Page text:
I can stream a movie!  I can confidently sit on an HD video conference (with Polycom it only takes 2Mbps for great quality but that's a long stretch from 500k anyway), I can even DOWNLOAD  SOFTWARE without factoring it into the weekend plans!

"Hunt The Wumpus" has never felt so fluid and silky smooth.  Golly, I love science!

Inside the TED2012 House Band

Image 8

When Thomas Dolby, Music Director of TED ("Technology Entertainment Design," the annual gathering of tech and art extraordinaries that I think of as "Davos for geeks") took an unusual step last November and invited the next crop of TED attendees to submit audition tapes for a hypothetical TED House Band, I was almost out the door for another trip so I hastily thumped out a half-song with all the production values of a drunken frat video, stuck it onto YouTube, and promptly forgot about it.
Two days after we returned, Dolby sent an electrifying notice: I'd been selected. This was an invitation to join this newly formed band, help select songs, arrive an extra half-week early to rehearse, and perform for TED. Success was the eventuality for which I had not planned.
There would be no acoustic piano onstage; Dolby volunteered his own Yamaha Motif8 as keyboard, so at home I pulled out my simpler 88-key electronic Yamaha and began practicing on that to press the feel of a typical “weighted” back into the fingers. I don't know about the other guys, but I went back to scales, all-key exercises, and a lot of the jazz and classical basics, just to freshen up the fingers. Eight weeks, an hour a day, every day, brought me back up to just about tolerable.
Rehearsals were held in the Gibson Showroom Theatre in Beverly Hills, about 30 miles north of the TED venue where we would be ultimately performing.
Image 11

One subset of the band, showing the rhythm section of "Reelin' “ to Thomas and his hat

We met from noon through six, Friday through Sunday, first parsing the list of ten candidate songs down to six (some didn't fit when we tried them, while a couple like “Green Onions" sounded ready to go the first time through and were, maybe, just too simple).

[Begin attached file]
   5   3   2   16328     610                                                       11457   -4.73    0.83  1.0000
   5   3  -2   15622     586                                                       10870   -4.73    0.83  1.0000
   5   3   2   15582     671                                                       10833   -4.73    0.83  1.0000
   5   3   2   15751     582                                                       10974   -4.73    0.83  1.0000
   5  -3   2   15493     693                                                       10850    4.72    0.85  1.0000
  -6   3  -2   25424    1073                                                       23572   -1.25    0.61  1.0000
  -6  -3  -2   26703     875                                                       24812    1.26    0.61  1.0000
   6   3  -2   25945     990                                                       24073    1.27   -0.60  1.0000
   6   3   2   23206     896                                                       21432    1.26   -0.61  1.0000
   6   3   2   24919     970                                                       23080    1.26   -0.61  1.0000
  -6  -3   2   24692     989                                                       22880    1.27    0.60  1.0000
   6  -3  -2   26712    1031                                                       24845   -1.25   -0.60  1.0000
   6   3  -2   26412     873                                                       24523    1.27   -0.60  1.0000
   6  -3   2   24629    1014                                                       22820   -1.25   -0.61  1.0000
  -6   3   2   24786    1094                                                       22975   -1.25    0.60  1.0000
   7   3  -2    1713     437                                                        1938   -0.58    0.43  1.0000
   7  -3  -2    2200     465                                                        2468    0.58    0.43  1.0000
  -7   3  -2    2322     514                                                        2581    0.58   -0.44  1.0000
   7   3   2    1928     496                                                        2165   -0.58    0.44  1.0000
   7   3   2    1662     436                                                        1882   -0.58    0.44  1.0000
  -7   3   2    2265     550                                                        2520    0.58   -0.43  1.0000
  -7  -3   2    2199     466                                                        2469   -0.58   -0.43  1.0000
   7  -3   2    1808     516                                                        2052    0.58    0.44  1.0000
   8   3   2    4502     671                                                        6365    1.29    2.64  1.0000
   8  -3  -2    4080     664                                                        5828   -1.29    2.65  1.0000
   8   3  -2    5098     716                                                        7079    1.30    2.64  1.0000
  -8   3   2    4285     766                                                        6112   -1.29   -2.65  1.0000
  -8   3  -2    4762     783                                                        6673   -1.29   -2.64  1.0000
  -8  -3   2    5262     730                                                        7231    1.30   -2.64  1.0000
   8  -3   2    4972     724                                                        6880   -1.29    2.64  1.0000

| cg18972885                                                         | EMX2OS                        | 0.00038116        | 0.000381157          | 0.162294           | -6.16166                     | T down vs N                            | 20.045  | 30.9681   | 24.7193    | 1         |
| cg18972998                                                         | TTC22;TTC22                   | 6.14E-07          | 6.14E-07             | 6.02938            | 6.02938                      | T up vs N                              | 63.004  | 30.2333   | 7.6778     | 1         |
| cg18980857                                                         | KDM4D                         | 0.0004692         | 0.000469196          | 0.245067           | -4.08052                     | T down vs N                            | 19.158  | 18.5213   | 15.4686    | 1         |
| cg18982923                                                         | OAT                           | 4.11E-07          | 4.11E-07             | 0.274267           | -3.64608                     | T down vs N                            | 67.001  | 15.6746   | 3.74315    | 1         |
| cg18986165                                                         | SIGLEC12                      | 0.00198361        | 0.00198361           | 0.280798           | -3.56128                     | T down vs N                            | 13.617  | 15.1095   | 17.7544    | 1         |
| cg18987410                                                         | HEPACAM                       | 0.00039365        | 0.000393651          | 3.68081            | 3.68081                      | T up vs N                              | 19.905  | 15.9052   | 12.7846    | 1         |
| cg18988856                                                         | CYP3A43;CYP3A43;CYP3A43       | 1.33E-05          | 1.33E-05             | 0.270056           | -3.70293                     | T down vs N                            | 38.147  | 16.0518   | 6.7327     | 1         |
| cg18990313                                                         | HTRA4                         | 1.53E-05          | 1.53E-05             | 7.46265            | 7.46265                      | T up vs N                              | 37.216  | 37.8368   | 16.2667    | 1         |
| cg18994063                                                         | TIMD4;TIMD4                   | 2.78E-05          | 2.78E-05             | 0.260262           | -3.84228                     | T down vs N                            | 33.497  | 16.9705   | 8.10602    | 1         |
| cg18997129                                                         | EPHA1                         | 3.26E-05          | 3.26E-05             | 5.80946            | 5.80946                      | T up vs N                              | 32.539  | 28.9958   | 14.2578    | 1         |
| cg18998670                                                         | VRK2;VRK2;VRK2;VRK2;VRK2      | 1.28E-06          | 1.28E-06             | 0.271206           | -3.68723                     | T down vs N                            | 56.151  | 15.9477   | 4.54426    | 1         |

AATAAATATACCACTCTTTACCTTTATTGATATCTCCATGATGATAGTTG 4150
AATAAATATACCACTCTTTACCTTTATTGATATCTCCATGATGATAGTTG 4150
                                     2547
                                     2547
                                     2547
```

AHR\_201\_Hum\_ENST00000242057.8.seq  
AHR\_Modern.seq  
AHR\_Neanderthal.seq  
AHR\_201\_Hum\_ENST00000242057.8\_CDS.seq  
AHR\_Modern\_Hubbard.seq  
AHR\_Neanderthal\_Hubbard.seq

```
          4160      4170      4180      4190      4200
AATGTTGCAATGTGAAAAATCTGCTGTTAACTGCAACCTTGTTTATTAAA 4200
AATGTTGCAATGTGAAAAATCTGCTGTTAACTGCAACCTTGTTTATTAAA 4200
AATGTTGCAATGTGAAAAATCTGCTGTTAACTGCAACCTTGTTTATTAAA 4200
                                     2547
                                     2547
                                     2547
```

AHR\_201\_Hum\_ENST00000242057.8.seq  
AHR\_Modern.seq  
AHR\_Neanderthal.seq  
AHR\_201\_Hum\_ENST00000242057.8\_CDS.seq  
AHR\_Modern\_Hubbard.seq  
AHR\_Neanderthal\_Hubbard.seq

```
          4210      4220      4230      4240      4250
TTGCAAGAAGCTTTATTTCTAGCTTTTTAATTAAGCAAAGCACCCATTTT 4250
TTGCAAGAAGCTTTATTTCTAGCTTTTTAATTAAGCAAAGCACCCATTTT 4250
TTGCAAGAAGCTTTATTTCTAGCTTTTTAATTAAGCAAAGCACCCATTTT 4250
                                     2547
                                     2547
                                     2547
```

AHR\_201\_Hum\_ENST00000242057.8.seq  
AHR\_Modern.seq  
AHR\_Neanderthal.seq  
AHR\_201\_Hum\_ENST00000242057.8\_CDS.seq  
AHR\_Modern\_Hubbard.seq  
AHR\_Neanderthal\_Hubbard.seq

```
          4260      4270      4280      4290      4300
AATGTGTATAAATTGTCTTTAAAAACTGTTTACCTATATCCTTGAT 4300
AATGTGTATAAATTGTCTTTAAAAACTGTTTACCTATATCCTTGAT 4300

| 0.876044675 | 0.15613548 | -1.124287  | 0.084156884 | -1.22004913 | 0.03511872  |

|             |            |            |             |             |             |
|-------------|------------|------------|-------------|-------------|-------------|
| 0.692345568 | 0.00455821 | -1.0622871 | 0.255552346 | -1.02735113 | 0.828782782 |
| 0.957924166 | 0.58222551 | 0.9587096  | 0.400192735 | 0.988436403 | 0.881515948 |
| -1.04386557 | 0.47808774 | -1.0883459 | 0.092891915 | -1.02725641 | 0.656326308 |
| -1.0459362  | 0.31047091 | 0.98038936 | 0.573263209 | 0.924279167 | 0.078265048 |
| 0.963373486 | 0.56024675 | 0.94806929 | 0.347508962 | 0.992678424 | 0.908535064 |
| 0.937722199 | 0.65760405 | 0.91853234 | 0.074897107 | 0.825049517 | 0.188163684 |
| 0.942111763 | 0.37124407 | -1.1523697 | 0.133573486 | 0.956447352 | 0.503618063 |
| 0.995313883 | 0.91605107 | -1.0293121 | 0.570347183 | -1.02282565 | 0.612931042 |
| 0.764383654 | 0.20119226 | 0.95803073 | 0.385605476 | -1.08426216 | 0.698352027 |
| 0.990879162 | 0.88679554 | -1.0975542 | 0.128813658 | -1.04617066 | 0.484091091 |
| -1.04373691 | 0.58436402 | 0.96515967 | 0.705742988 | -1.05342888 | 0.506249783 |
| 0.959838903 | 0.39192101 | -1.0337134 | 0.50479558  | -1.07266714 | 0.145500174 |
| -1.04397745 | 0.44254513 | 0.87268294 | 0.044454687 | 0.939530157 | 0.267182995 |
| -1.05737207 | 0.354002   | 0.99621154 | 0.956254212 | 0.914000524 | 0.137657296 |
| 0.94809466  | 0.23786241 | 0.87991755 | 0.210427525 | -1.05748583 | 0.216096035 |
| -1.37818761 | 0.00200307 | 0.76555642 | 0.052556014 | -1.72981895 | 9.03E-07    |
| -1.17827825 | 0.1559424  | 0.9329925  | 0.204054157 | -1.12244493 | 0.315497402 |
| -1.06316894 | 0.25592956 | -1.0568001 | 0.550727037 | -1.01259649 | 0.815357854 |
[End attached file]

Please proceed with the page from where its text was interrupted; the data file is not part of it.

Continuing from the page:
Image 1
Petting zoo at the Sunday Farmers' Market, outside the Gibson Center

It was obvious to me early on that the most challenging single part for the keyboard would be a sixteen-bar solo for the Allman Brothers' "Jessica.” I rewrote that a dozen times and practiced it hundreds before there was something that would be both interesting (for you) and playable under stress (for me). Starting in January, I began traveling with a four-octave keyboard, which worked great with my constant companion MacBook Air running "Mainstage," the performance cousin to "Logic." (Yes, my Miami ITEXPO friends, this is why I wasn't hanging out at night; had to get back to the room and practice!)
Image 10
The USB keyboard goes as checked luggage

Once we moved to Long Beach, we were installed in a lower-level dressing room (27 makeup stalls, six showers and six toilet stalls, normally used for dance troupes, operas, and musicals), which became our green room for the duration of TED through the simple device of adding a sofa, a Yamaha U-3 upright piano, and an electronic drum set to mirror the permanent acoustic set up onstage.

Image 7

Fred finesses a mandolin in the green room

Band setup in the concert hall, and the only real sound check we'd get, was a couple of hours Monday night after the last of the Tuesday speakers had finished their runthroughs. Through the course of the conference afterwards, we would dodge onto stage just before the doors opened for each session to turn on amplifiers and check that everything was ready, then grab audience seats next to the stage so we could clamber up into position when signaled by Thomas.